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Having just returned from a three-week holiday, I had plenty of time to look back to 2013, and look forward to 2014. Last year has been amazing, and I’m sure this will continue in the new year!

Looking back

Darning

Darning at Wool House, Somerset House

I was invited to darn at Wool House, Somerset House, as part of the very successful Campaign for Wool event. I had a great time, and Wool House put my darning sessions in the “best bits” list! It was super-busy, and I think I have enthused quite a few people about darning, and also explain why I like using 100% wool products.

Hope and Elvis Darning Workshop

2013 also saw the first of my day-long darning workshops. I went to Hope & Elvis, lovely Louise’s great studio. It’s stuffed to the gills with vintage fabrics, blankets, threads, scraps, books and any tool you would possibly need, so it was a lot of fun to explore various darning techniques. You’ll be pleased to hear I’m returning there in April.

ShetlandWoolWeek Darning at Jamieson & Smith

Last but not least, my darning skills took me to Shetland! Here’s a picture of my darning class at Jamieson & Smith. I had a great time, I met so many amazing people, with amazing skills. I left a few loose ends on purpose, so I have a good reason to return.

Knitting

Curiosity Cabinet of Knitting Stitches Lace

Early last year I exhibited at Prick Your Finger. My Curiosity Cabinet of Knitting Stitches explored many different knitting stitches and techniques, some old and rare, others common and much-used. It was a good way to learn about different techniques, and investigate them in detail.

Altered Kasha Cardigan for Wedding Outift

Rosemary had seen my Curiosity Cabinet, and thought I’d be the ideal person to take on a commission for her wedding outfit. I gladly took this on, and I knitted a Kasha Cardigan for her, with some alterations: a different collar, and three-quarter length sleeves. It was a great project to work on, and Rosemary has been wearing her cardigan many times since.

Aleatoric Fair Isle Swatch

Last year I also explored stranded colourwork, and in particular the Fair Isle tradition. Together with my comrade in wool, Felicity Ford, we devised a method to learn more about Fair Isle patterns, which took away some of the hurdles we often face when trying to knit Fair Isle. Using rules we made up and some dice, we left pattern and colour selection to chance, based on John Cage’s compositional concepts. We called this Aleatoric Fair Isle.

Spinning

Diamond Fibre Mill spinning

Other highlights include my visit to Diamond Fibre Mill, where I met Roger, who runs this small independent mill, specialising in worsted spinning, and who owns his own flock of Romney sheep.

timbertops chair spinning wheel

I also became the proud owner of an original Timbertops spinning wheel. A chair wheel no less. I haven’t had a chance to write about this yet, so keep your eyes peeled for a blog post in the near future.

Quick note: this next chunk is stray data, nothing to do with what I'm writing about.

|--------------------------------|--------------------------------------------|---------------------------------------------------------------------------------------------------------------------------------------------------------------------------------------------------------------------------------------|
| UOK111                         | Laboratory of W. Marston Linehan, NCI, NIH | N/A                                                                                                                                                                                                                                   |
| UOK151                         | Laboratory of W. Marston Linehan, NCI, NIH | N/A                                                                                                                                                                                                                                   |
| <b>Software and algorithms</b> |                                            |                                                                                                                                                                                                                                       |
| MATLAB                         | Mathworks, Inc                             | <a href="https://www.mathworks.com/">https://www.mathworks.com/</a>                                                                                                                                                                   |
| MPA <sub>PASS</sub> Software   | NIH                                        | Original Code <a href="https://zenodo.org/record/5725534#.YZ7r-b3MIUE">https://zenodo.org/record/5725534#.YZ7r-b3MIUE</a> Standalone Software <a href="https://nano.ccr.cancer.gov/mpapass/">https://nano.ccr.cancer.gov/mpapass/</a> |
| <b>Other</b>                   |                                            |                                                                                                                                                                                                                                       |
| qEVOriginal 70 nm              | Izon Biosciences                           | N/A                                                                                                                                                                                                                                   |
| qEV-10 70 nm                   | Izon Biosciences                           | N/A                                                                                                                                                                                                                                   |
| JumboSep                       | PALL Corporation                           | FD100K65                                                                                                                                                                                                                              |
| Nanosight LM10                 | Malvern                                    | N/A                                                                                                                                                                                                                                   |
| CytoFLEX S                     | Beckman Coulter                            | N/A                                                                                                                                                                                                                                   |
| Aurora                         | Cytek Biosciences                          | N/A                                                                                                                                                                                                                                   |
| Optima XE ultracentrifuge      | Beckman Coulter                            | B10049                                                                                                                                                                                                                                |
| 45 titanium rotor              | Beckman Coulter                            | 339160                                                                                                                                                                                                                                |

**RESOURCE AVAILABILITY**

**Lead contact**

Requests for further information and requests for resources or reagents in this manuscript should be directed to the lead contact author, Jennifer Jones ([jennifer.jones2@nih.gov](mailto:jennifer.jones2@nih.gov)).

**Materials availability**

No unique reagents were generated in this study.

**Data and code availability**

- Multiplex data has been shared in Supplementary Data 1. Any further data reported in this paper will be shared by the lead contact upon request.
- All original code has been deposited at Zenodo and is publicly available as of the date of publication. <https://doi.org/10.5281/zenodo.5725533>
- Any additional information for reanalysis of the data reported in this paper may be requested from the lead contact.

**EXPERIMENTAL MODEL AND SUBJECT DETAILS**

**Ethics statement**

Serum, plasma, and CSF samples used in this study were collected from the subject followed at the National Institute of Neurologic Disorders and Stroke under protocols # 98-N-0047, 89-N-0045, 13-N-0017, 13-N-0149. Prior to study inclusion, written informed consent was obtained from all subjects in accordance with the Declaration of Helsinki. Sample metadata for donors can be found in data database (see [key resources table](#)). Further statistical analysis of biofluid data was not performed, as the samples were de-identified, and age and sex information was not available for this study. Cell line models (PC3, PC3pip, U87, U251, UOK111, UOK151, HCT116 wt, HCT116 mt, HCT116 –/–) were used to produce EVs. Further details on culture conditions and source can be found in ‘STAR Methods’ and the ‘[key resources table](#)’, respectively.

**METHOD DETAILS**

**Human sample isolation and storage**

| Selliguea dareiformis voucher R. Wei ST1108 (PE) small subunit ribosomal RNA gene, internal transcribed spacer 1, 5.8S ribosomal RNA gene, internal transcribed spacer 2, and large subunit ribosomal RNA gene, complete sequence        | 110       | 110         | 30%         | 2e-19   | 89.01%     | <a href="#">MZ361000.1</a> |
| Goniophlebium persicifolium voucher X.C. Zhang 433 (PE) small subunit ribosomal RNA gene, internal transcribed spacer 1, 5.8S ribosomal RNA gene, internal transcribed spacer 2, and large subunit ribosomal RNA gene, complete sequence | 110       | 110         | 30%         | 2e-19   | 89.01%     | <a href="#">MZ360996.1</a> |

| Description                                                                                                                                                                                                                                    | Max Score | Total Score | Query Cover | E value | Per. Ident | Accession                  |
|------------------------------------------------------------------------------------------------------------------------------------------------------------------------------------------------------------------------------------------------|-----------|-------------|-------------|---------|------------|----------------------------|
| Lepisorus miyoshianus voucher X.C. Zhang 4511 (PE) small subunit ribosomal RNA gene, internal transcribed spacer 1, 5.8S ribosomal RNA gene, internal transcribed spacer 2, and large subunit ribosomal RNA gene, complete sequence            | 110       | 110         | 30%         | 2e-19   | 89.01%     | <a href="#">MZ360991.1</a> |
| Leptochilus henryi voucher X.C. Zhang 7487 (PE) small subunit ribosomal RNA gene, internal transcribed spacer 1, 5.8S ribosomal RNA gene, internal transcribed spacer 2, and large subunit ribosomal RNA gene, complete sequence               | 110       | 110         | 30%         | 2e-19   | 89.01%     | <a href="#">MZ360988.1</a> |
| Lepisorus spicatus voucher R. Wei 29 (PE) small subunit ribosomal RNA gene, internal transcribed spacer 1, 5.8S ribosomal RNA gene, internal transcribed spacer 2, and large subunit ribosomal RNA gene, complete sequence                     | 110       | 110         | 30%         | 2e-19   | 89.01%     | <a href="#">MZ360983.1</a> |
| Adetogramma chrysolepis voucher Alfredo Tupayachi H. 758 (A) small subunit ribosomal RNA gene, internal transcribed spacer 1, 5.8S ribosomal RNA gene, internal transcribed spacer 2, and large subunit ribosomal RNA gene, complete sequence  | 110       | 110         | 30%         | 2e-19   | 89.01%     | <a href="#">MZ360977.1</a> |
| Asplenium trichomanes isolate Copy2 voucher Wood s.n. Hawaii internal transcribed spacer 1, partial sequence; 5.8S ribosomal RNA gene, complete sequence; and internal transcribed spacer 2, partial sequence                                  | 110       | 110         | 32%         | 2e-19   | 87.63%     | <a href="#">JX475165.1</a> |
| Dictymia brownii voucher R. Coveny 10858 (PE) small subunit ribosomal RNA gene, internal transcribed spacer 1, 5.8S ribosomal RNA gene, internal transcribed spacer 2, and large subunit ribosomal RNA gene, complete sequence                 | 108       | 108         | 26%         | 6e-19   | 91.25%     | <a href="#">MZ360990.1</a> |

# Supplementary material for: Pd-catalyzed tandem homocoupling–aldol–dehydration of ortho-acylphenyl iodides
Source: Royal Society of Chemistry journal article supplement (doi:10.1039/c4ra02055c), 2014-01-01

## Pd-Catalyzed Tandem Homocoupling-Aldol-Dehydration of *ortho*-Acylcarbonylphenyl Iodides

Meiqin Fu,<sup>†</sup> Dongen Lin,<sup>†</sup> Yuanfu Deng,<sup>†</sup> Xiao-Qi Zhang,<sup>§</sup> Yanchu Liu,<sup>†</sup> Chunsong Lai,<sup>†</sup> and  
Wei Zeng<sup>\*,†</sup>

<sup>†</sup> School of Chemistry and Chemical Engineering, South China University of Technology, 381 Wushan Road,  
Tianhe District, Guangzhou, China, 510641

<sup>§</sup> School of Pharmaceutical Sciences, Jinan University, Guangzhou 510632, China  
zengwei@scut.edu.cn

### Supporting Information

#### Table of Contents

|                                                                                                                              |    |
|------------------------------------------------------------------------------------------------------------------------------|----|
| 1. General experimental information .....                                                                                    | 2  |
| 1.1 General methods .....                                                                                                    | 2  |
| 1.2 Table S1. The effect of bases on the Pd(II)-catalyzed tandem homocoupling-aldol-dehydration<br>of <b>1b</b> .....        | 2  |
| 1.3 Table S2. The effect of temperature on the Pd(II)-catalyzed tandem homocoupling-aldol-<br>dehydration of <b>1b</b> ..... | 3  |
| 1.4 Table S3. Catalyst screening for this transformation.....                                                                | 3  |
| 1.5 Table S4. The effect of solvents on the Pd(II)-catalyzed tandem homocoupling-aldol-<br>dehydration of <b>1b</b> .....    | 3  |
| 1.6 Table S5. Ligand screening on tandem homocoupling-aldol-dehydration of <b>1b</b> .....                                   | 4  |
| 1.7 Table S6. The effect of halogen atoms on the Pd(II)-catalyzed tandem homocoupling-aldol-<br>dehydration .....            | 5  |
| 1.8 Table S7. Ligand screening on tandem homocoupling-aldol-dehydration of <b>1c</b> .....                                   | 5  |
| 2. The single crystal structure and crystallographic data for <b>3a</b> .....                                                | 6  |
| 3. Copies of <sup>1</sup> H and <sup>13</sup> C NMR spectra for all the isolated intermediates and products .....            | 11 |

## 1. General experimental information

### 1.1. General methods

Special mention

And if all that wasn’t quite enough, Kate Davies, Felicity and myself curated Wovember 2013 to celebrate wool in all its myriad forms. We posted features about growing, harvesting, processing, working, and wearing wool. I did many more things last year, so these were just some of my highlights.

Looking forward

Plans for 2014 are forming in my head, and amongst others, I’m looking forward to releasing my first cardigan pattern, using Foula wool. A bit later than expected, but it’s important to me to get everything right. I will continue working on the Aleatoric Fair Isle swatches. I’ve also taken on a very special visible mending commission to repair an upcycling attempt gone wrong. As previously mentioned, not only will I return to Hope & Elvis for a darning workshop, I will also run a Darning Master Class at Unravel at Farnham Maltings. More classes and workshops are in the pipe-line, so keep an eye out for them.

Scotch darn on sock

2014 will also be the year of exploring. I did some free-style knitting before Christmas, and I found it very liberating. I found some good books on the subject, and I have also been inspired by Rachael Matthews’s approach to making, and in particular what became her Explosion Jumper.

On the spinning front I want explore more lace-weight spinning, using wool from both classic breeds (Shetland), and unexpected breeds (Rough Fell.)

Last but not least I would like to explore more mending techniques, and in particular learn more about darning and repairing woven textiles. And I still have one or two jumpers to complete…

darned jumper

 

I don’t know about you, but I think I have plenty of things lined up, and it will be my pleasure to share them with you and write about them here.

Happy New Year!

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Last Friday I made my way up to Retford, Nottinghamshire, to stay with Louise Presley, owner of Hope & Elvis. Louise and her husband Nigel were very welcoming and made me feel right at home, making sure I was fed and watered and had a good night’s sleep in preparation for the darning and mending workshop I ran at her beautiful studio on Saturday.

HE_display

Hope & Elvis studio, darning examples and reference books on display

By 10am everybody had turned up, and after an introduction to my Visible Mending Programme, I used some of my darned garments to discuss a variety of techniques. I explained why I had chosen them, and what the advantages and disadvantages of each technique was. Then, whilst having a cuppa and a biccie, each student showed what they had brought to repair and we discussed ideas together.

HE_group

Repair in progress at Hope & Elvis

Throughout the day I demonstrated stocking darning, Swiss darning, Scotch darning* and giving hints and tips on what materials to use, make people think about whether their darns would be practical or an embellishment. Needless to say, I also showed my Speedweve, and I was so pleased to see that Louise not only had one herself, but that she also had a Star darning machine!